10. What's the biggest change you’ve seen in your business or your business sector since you started?
A lot of the fish landed in the UK isn’t eaten here, it’s too small. Skate tends to stay in the UK but there isn’t a massive demand for it. Of course, fishermen need to be sure they can get a good price for their catch otherwise it isn’t worth going out to sea. Pre-Brexit It was easy for them to send their catch to France to the auctions where they were guaranteed a better price. It used to be the case that the export truck for France collected the catch and took it to auction and the fishermen got their money the following week.
That all changed with Brexit. Exporting is no longer a straightforward process. On January 4th, 2019 – the website that we were supposed to use to help us navigate the new export process wasn’t even live.
We realised we needed to get to grips with this quickly and we lobbied the local authority and the environmental health team hard in order to develop a way to work with all the new rules. I believe that we were ground-breaking in that we never had anything stopped at the borders.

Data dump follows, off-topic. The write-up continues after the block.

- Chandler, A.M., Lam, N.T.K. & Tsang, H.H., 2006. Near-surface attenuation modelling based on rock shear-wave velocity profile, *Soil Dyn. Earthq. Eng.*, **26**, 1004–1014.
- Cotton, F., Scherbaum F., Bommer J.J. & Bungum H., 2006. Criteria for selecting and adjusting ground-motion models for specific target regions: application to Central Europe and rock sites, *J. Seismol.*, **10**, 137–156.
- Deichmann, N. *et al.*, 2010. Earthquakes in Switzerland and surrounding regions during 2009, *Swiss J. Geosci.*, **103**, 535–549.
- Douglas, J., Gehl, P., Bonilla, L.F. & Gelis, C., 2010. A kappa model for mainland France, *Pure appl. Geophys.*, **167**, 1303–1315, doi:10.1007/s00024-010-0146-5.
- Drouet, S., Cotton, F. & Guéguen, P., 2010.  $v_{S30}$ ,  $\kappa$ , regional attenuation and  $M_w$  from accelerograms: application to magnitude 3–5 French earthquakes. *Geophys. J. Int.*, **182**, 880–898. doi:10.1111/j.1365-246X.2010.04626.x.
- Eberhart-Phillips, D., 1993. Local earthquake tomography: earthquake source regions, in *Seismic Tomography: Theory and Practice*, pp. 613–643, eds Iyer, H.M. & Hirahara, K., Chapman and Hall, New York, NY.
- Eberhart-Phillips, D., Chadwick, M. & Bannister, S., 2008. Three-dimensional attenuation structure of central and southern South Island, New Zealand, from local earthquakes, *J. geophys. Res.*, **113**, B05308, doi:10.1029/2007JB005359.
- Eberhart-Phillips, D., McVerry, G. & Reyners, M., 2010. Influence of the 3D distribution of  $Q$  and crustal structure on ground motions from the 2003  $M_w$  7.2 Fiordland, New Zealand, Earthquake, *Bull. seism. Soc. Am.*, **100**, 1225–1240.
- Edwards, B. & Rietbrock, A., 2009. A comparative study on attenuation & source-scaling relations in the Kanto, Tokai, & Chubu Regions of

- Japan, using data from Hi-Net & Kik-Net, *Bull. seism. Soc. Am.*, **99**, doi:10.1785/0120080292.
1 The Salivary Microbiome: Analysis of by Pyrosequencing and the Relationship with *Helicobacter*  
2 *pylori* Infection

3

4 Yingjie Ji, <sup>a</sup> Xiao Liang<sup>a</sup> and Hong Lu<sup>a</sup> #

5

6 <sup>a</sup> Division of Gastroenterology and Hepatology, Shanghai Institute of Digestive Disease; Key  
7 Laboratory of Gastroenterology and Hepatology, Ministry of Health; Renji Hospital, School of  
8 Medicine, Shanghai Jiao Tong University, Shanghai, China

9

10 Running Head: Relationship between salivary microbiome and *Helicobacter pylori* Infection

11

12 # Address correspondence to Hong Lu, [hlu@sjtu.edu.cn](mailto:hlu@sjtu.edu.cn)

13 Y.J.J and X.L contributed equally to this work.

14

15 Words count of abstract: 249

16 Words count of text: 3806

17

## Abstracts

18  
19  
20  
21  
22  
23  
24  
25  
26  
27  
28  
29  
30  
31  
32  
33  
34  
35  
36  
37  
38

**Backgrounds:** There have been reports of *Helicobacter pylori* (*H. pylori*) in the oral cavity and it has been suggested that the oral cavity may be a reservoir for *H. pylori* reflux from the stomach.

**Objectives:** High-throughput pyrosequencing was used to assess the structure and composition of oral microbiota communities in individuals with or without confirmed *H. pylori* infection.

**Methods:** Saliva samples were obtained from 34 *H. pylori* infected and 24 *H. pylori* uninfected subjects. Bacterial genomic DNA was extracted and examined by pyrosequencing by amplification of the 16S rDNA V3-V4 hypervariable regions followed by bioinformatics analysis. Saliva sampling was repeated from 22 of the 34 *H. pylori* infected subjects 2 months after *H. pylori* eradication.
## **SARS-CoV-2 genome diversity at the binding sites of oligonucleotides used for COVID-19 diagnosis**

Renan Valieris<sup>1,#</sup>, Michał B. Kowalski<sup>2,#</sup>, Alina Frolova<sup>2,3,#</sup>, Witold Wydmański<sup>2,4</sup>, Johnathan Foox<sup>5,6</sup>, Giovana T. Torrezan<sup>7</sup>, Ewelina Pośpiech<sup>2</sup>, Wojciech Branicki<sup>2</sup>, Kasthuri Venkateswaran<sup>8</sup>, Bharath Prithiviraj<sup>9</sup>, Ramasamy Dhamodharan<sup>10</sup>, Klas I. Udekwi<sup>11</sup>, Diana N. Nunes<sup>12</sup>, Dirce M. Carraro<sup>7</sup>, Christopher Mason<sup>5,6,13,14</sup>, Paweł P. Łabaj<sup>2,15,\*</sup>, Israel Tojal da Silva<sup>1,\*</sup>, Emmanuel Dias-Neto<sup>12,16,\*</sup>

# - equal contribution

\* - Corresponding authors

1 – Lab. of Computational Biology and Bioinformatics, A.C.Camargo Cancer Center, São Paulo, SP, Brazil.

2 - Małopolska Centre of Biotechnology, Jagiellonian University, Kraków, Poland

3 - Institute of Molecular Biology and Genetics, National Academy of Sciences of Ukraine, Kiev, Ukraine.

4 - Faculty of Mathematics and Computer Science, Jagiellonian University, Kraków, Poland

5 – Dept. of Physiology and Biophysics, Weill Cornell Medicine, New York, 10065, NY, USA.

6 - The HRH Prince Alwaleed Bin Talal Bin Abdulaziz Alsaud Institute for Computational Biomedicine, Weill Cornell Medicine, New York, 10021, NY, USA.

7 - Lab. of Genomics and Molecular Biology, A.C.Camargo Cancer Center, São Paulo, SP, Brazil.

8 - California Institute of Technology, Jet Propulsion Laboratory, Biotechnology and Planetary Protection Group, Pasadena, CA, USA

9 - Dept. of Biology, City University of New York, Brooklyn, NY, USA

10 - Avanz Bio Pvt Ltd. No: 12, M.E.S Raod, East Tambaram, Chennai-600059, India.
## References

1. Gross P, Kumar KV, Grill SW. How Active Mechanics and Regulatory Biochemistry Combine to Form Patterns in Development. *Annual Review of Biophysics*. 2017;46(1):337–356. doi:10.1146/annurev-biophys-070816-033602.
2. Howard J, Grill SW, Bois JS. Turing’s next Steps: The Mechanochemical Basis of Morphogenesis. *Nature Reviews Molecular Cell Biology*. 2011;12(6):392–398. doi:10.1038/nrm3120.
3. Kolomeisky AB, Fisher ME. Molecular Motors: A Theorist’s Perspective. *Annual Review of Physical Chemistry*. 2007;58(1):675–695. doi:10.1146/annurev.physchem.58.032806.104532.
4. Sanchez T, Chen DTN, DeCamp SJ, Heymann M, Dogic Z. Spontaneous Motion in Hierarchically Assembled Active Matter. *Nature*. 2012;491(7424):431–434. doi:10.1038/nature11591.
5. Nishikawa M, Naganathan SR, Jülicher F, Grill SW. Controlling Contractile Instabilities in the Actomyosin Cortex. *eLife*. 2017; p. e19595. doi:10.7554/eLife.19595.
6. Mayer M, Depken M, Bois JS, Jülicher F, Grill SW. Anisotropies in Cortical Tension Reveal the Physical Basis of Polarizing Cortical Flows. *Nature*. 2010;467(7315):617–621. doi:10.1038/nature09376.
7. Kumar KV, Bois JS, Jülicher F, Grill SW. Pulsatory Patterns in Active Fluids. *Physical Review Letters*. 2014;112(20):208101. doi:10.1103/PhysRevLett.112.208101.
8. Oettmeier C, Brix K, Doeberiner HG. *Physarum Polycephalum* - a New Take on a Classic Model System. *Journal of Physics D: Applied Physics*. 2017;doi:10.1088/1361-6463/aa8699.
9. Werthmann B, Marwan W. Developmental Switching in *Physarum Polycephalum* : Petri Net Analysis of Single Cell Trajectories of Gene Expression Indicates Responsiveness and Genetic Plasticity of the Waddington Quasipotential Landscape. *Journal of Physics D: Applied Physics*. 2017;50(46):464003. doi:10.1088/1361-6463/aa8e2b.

To give you an idea of the complete change in procedure - the document pack required for every export post-Brexit takes around four hours to complete. We realised that most fishermen wouldn’t do it themselves – it simply takes too much time. The paperwork also has to come from an approved premises. So we took it upon ourselves to get to grips with the new system quickly so that we could do all of this for our fisherman. They don’t pay us for the service, we take a commission on what they sell. Since that time we’ve gone from around 5-6 boats to 150 – and we do the paperwork and exports for all of them.
Fishermen are understandably cross about the whole system. The promises that were made pre-Brexit haven’t materialised. We still have massive boats from Europe legally fishing in our waters - one of the big Dutch boats could hoover up enough fish in one catch as one of our small boats does in a whole year. Everyone had hoped that Brexit would make things easier but instead, the process is now harder. Fisherman have lost their independence and autonomy and there are greater costs.
We continue to work very hard to keep the local authority and the environmental health team happy. We’ve also worked to ensure we have a voice within the industry we sit on a lot of advisory bodies, and we’ve worked with politicians across all parties. More needs to be done for the industry but we are hopeful that things will change in the future.